Ironically, creation of that organization represented another rebuke to the Air Force. Last year, Mr. Gates rejected the service's bid to become executive agent for the military's drone programs, giving it greater authority in the employment and acquisition of new UAVs and the intelligence networks they support. The task force created by the defense secretary will give the other services a greater voice in those issues.
However, the secretary's comments did not address a related controversy--is the dramatic increase in drone flights really necessary? While Gates would argue that the recent spike in UAV sorties is imperative, Air Force leaders have their doubts, triggering the disagreement that has become a public feud.
In a speech delivered last summer, the commander of the service's Air Combat Command, General Ron Keys, claimed that using UAVs to hunt for IEDs--a critical assignment in Iraq--represents a waste of time and resources. Speaking to a defense industry audience in Virginia, General Keys said that drones had detected only a "handful" of roadside bombs and suggested that the unmanned aircraft might be better utilized for other tasks.
While Keys' remarks received little publicity, they are believed to mirror those of other USAF officials, who have opposed Gates UAV employment plan. At one point, Mr. Gates reportedly proposed 30 drone orbits per day for Iraq and Afghanistan, providing persistent surveillance that ground commanders requested. But the Air Force balked at that figure, claiming it was not sustainable.
Since then, the service and the defense chief have compromised on a lower total, about two dozen orbits a day. Senior Air Force officials claim that any further increase in operations would over-stress UAV units that are already stretched thin, and make it nearly impossible to train replacement crews.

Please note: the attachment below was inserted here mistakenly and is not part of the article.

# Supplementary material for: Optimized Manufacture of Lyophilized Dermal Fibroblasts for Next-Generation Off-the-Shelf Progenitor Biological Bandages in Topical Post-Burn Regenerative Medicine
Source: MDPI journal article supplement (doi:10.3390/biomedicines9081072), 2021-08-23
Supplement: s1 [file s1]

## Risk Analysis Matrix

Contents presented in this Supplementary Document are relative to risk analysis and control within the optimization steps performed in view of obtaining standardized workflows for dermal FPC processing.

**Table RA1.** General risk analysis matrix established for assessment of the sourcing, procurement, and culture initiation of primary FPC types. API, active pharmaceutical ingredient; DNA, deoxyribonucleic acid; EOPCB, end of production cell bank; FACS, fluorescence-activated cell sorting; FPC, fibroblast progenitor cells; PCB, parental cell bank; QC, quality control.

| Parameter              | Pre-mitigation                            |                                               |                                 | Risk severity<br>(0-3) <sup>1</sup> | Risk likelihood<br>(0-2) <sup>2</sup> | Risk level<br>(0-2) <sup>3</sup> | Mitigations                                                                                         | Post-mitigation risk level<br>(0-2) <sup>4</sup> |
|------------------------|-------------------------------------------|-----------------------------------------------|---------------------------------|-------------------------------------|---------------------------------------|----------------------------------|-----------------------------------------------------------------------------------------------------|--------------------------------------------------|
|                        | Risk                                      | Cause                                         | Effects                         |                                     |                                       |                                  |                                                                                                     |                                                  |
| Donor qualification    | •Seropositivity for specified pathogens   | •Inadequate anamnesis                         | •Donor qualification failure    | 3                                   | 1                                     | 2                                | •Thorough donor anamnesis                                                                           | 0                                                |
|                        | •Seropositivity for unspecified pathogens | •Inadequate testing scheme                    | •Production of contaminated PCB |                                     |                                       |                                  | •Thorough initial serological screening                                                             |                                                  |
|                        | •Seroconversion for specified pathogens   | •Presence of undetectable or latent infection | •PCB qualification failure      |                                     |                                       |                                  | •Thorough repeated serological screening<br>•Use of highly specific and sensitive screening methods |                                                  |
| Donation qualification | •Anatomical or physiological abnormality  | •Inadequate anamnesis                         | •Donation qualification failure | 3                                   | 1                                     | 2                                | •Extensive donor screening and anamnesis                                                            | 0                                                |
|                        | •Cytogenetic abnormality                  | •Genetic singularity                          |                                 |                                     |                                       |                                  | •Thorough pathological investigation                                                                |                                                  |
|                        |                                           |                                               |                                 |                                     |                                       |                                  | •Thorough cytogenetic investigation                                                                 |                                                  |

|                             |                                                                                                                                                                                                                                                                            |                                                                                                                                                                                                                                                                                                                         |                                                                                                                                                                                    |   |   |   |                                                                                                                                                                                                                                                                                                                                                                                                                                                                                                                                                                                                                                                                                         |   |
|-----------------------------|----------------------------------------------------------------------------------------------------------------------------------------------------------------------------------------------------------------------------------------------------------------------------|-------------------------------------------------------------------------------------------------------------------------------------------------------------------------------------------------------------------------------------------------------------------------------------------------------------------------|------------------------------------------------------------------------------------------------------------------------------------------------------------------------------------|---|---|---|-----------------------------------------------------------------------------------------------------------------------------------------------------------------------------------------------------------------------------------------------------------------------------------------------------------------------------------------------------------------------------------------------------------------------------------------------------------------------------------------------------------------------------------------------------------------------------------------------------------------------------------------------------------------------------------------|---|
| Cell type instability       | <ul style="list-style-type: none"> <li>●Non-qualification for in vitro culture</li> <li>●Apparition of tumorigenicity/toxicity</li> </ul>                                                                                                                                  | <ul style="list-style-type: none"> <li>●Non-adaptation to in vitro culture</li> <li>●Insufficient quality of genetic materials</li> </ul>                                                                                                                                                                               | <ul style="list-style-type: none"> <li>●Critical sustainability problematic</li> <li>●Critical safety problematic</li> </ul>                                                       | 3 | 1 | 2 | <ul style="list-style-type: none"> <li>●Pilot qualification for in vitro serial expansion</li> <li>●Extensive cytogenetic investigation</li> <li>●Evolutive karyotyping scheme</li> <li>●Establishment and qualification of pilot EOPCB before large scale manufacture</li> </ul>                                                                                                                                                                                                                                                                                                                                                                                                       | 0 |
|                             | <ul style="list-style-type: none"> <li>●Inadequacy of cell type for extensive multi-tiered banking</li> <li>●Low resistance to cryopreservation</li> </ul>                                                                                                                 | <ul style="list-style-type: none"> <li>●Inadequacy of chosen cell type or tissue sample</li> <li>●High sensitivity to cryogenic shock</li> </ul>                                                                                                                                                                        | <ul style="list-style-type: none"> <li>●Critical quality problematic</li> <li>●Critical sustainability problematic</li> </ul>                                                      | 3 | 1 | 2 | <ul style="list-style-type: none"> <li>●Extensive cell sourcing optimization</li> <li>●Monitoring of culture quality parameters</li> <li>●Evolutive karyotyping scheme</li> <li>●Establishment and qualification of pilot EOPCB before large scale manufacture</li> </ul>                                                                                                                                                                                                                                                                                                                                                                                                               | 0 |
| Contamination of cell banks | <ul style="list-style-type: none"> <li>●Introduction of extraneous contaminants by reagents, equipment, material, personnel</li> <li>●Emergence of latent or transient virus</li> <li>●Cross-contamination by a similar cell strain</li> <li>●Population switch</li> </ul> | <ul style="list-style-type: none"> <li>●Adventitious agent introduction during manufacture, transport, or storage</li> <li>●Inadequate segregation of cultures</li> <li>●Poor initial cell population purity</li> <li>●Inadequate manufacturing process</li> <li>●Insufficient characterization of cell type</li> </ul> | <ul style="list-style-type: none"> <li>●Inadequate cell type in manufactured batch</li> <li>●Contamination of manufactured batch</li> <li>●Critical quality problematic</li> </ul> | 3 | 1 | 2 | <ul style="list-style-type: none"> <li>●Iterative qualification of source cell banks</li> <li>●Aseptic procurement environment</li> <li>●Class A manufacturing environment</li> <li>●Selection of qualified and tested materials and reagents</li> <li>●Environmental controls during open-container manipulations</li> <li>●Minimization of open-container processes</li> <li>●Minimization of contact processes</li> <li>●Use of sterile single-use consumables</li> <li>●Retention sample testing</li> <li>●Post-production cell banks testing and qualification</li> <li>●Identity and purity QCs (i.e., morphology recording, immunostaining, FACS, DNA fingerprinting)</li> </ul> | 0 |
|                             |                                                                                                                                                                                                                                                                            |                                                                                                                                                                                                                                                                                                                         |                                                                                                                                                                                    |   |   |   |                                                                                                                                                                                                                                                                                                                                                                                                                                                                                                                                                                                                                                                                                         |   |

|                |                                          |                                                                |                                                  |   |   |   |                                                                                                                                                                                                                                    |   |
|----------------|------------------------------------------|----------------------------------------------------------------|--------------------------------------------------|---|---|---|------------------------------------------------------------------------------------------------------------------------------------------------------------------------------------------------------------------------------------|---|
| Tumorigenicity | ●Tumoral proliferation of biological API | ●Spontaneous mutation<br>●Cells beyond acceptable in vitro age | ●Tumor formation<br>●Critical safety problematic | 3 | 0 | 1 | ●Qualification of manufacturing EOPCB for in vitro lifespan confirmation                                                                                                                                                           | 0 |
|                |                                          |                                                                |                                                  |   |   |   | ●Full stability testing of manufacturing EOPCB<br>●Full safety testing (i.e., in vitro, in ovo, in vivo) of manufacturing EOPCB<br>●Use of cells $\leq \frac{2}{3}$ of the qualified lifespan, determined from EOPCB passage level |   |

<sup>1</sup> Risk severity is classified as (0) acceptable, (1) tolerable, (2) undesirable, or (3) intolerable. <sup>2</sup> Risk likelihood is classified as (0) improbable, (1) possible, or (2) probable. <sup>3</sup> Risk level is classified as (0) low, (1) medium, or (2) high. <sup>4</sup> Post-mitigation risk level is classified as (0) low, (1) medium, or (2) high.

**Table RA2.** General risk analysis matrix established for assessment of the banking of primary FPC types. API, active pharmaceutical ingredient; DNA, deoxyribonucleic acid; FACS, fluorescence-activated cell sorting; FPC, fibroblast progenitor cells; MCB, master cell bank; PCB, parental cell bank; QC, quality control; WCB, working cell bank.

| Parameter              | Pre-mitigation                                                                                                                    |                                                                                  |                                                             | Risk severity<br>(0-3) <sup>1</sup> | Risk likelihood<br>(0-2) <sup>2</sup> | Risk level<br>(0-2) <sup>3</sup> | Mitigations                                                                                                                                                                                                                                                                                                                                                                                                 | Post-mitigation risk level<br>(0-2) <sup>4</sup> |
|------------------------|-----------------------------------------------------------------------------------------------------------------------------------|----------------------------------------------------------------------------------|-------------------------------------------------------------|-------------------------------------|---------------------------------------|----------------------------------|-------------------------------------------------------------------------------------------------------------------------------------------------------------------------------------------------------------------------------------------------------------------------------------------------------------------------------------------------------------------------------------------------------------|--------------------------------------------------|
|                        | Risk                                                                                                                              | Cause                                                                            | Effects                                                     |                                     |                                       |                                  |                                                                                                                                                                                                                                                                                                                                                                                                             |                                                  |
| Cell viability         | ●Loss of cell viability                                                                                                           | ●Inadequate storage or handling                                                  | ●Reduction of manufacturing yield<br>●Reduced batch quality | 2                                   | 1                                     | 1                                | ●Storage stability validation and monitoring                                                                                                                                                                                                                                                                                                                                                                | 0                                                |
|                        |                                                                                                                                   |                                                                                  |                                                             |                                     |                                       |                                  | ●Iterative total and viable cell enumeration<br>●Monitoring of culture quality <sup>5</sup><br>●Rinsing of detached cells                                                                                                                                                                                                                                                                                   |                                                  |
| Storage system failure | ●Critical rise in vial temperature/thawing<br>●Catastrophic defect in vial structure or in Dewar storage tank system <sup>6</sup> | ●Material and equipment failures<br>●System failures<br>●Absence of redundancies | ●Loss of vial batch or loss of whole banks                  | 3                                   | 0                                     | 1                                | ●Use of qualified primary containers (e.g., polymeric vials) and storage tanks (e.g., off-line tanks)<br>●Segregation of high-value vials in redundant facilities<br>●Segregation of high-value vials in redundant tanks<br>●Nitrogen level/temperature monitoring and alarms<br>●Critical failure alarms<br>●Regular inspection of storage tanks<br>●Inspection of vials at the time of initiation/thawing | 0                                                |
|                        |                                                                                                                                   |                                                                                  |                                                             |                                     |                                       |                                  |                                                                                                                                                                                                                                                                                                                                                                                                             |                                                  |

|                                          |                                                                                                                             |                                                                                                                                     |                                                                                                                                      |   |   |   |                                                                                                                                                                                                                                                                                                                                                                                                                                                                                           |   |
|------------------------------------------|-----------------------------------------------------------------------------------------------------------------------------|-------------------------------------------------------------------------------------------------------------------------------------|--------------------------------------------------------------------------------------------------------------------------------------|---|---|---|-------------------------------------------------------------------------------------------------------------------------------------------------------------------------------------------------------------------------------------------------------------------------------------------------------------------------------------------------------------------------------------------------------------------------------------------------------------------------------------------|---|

Medium and high-altitude UAVs like the Predator, Reaper and Global Hawk utilize a two-man crew, consisting of a pilot and an enlisted sensor operator. Video collected by the onboard sensors are transmitted to large intelligence organizations, part of the Distributed Common Ground System (DCGS). The number of DCGS units is also small, putting another limit on the number of UAV missions that can be flown each day.
If the AF would provide incentives (better promotion rates) to the UAV positions, allow enlisted pilots, use the Army model of, pilots being technicians and officers being leaders of men, you would solve the issue of pilots balking at UAV assignments. As far as providing more battlefield coverage and bandwidth it is simply a matter of logistics. In so far as AF Generals making decisions on what is needed to support ground forces we should replace the pilot union whiners. They are as elite and as knowledgeable as our beloved Obama about ground warfare. I remember Army Helicopter Pilots telling me "Crew Rest means get back in, you're not done yet". I would love to see that kind of dedication out of our AF crews.